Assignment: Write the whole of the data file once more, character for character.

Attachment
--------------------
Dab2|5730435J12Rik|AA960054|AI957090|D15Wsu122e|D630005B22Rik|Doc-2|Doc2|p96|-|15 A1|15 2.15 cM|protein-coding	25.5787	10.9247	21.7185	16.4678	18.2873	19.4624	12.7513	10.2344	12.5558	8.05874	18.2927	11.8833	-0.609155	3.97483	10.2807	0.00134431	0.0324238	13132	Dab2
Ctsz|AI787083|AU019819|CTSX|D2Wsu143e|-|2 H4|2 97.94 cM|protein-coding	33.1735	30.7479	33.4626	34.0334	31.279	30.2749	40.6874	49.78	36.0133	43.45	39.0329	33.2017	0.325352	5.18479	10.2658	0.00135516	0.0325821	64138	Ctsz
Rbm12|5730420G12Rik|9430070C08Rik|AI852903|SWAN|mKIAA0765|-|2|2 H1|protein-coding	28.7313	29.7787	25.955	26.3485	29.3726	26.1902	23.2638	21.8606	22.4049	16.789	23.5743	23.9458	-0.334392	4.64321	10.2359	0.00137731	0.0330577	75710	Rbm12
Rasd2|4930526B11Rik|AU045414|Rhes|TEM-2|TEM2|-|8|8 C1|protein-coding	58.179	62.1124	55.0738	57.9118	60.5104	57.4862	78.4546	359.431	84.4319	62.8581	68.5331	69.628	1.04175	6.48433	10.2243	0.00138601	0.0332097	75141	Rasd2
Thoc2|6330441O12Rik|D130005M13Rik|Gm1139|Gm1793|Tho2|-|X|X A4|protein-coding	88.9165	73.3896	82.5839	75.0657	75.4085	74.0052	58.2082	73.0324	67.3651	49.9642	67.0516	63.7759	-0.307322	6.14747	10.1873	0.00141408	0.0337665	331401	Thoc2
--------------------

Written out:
Dab2|5730435J12Rik|AA960054|AI957090|D15Wsu122e|D630005B22Rik|Doc-2|Doc2|p96|-|15 A1|15 2.15 cM|protein-coding	25.5787	10.9247	21.7185	16.4678	18.2873	19.4624	12.7513	10.2344	12.5558	8.05874	18.2927	11.8833	-0.609155	3.97483	10.2807	0.00134431	0.0324238	13132	Dab2
Ctsz|AI787083|AU019819|CTSX|D2Wsu143e|-|2 H4|2 97.94 cM|protein-coding	33.1735	30.7479	33.4626	34.0334	31.279	30.2749	40.6874	49.78	36.0133	43.45	39.0329	33.2017	0.325352	5.18479	10.2658	0.00135516	0.0325821	64138	Ctsz
Rbm12|5730420G12Rik|9430070C08Rik|AI852903|SWAN|mKIAA0765|-|2|2 H1|protein-coding	28.7313	29.7787	25.955	26.3485	29.3726	26.1902	23.2638	21.8606	22.4049	16.789	23.5743	23.9458	-0.334392	4.64321	10.2359	0.00137731	0.0330577	75710	Rbm12
Rasd2|4930526B11Rik|AU045414|Rhes|TEM-2|TEM2|-|8|8 C1|protein-coding	58.179	62.1124	55.0738	57.9118	60.5104	57.4862	78.4546	359.431	84.4319	62.8581	68.5331	69.628	1.04175	6.48433	10.2243	0.00138601	0.0332097	75141	Rasd2
Thoc2|6330441O12Rik|D130005M13Rik|Gm1139|Gm1793|Tho2|-|X|X A4|protein-coding	88.9165	73.3896	82.5839	75.0657	75.4085	74.0052	58.2082	73.0324	67.3651	49.9642	67.0516	63.7759	-0.307322	6.14747	10.1873	0.00141408	0.0337665	331401	Thoc2